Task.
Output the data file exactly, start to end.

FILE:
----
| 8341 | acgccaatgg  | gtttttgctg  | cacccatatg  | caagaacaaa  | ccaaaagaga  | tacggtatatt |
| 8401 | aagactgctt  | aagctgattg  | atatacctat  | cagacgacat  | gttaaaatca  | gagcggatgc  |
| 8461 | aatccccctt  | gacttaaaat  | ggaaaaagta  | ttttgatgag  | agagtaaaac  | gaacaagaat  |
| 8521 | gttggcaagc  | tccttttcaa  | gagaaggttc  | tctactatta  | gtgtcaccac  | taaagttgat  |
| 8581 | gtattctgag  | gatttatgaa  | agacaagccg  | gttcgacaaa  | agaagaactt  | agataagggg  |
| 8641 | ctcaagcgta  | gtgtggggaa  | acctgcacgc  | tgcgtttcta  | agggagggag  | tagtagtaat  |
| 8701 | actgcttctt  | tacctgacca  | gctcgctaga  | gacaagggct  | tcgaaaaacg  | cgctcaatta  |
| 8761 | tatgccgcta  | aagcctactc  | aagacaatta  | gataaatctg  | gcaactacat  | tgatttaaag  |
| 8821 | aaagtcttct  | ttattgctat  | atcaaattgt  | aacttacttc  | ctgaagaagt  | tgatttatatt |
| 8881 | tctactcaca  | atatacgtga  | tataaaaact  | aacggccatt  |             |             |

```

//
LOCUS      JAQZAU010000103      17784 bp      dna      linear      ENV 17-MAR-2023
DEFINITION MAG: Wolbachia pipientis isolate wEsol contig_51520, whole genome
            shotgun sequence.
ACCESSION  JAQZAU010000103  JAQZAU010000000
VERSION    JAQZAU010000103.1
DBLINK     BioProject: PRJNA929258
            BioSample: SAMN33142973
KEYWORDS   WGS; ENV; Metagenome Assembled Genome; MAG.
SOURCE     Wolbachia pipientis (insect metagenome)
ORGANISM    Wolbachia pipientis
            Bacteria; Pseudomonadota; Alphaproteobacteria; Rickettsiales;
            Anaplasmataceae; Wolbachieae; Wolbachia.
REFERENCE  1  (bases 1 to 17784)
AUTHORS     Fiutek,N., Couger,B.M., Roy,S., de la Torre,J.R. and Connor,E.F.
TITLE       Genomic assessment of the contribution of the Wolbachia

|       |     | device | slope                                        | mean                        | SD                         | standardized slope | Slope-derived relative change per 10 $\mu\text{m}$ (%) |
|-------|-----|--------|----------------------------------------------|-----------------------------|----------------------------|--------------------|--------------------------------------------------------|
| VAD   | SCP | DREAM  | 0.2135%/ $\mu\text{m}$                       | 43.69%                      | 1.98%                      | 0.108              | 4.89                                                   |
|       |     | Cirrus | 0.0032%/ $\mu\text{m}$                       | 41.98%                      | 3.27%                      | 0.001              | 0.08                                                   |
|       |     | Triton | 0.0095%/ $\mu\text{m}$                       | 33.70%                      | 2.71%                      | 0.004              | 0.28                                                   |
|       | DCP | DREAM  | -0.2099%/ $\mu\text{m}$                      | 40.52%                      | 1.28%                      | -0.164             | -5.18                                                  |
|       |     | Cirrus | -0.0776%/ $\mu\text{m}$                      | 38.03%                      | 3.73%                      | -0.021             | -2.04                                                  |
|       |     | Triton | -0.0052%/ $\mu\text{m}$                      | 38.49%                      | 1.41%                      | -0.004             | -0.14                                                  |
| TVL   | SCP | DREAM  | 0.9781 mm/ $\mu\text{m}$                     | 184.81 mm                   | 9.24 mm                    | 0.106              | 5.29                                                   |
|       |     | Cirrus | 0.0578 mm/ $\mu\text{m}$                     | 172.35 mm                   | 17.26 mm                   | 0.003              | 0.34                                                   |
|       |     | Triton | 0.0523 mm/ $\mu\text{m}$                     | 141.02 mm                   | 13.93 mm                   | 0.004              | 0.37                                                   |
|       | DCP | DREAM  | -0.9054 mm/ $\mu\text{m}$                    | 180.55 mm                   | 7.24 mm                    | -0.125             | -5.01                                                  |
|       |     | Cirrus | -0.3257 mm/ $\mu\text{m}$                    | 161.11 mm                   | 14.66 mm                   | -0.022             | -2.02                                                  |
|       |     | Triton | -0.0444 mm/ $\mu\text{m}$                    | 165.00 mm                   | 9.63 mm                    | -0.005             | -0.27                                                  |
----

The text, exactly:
| 8341 | acgccaatgg  | gtttttgctg  | cacccatatg  | caagaacaaa  | ccaaaagaga  | tacggtatatt |
| 8401 | aagactgctt  | aagctgattg  | atatacctat  | cagacgacat  | gttaaaatca  | gagcggatgc  |
| 8461 | aatccccctt  | gacttaaaat  | ggaaaaagta  | ttttgatgag  | agagtaaaac  | gaacaagaat  |
| 8521 | gttggcaagc  | tccttttcaa  | gagaaggttc  | tctactatta  | gtgtcaccac  | taaagttgat  |
| 8581 | gtattctgag  | gatttatgaa  | agacaagccg  | gttcgacaaa  | agaagaactt  | agataagggg  |
| 8641 | ctcaagcgta  | gtgtggggaa  | acctgcacgc  | tgcgtttcta  | agggagggag  | tagtagtaat  |
| 8701 | actgcttctt  | tacctgacca  | gctcgctaga  | gacaagggct  | tcgaaaaacg  | cgctcaatta  |
| 8761 | tatgccgcta  | aagcctactc  | aagacaatta  | gataaatctg  | gcaactacat  | tgatttaaag  |
| 8821 | aaagtcttct  | ttattgctat  | atcaaattgt  | aacttacttc  | ctgaagaagt  | tgatttatatt |
| 8881 | tctactcaca  | atatacgtga  | tataaaaact  | aacggccatt  |             |             |

```

//
LOCUS      JAQZAU010000103      17784 bp      dna      linear      ENV 17-MAR-2023
DEFINITION MAG: Wolbachia pipientis isolate wEsol contig_51520, whole genome
            shotgun sequence.
ACCESSION  JAQZAU010000103  JAQZAU010000000
VERSION    JAQZAU010000103.1
DBLINK     BioProject: PRJNA929258
            BioSample: SAMN33142973
KEYWORDS   WGS; ENV; Metagenome Assembled Genome; MAG.
SOURCE     Wolbachia pipientis (insect metagenome)
ORGANISM    Wolbachia pipientis
            Bacteria; Pseudomonadota; Alphaproteobacteria; Rickettsiales;
            Anaplasmataceae; Wolbachieae; Wolbachia.
REFERENCE  1  (bases 1 to 17784)
AUTHORS     Fiutek,N., Couger,B.M., Roy,S., de la Torre,J.R. and Connor,E.F.
TITLE       Genomic assessment of the contribution of the Wolbachia

|       |     | device | slope                                        | mean                        | SD                         | standardized slope | Slope-derived relative change per 10 $\mu\text{m}$ (%) |
|-------|-----|--------|----------------------------------------------|-----------------------------|----------------------------|--------------------|--------------------------------------------------------|
| VAD   | SCP | DREAM  | 0.2135%/ $\mu\text{m}$                       | 43.69%                      | 1.98%                      | 0.108              | 4.89                                                   |
|       |     | Cirrus | 0.0032%/ $\mu\text{m}$                       | 41.98%                      | 3.27%                      | 0.001              | 0.08                                                   |
|       |     | Triton | 0.0095%/ $\mu\text{m}$                       | 33.70%                      | 2.71%                      | 0.004              | 0.28                                                   |
|       | DCP | DREAM  | -0.2099%/ $\mu\text{m}$                      | 40.52%                      | 1.28%                      | -0.164             | -5.18                                                  |
|       |     | Cirrus | -0.0776%/ $\mu\text{m}$                      | 38.03%                      | 3.73%                      | -0.021             | -2.04                                                  |
|       |     | Triton | -0.0052%/ $\mu\text{m}$                      | 38.49%                      | 1.41%                      | -0.004             | -0.14                                                  |
| TVL   | SCP | DREAM  | 0.9781 mm/ $\mu\text{m}$                     | 184.81 mm                   | 9.24 mm                    | 0.106              | 5.29                                                   |
|       |     | Cirrus | 0.0578 mm/ $\mu\text{m}$                     | 172.35 mm                   | 17.26 mm                   | 0.003              | 0.34                                                   |
|       |     | Triton | 0.0523 mm/ $\mu\text{m}$                     | 141.02 mm                   | 13.93 mm                   | 0.004              | 0.37                                                   |
|       | DCP | DREAM  | -0.9054 mm/ $\mu\text{m}$                    | 180.55 mm                   | 7.24 mm                    | -0.125             | -5.01                                                  |
|       |     | Cirrus | -0.3257 mm/ $\mu\text{m}$                    | 161.11 mm                   | 14.66 mm                   | -0.022             | -2.02                                                  |
|       |     | Triton | -0.0444 mm/ $\mu\text{m}$                    | 165.00 mm                   | 9.63 mm                    | -0.005             | -0.27                                                  |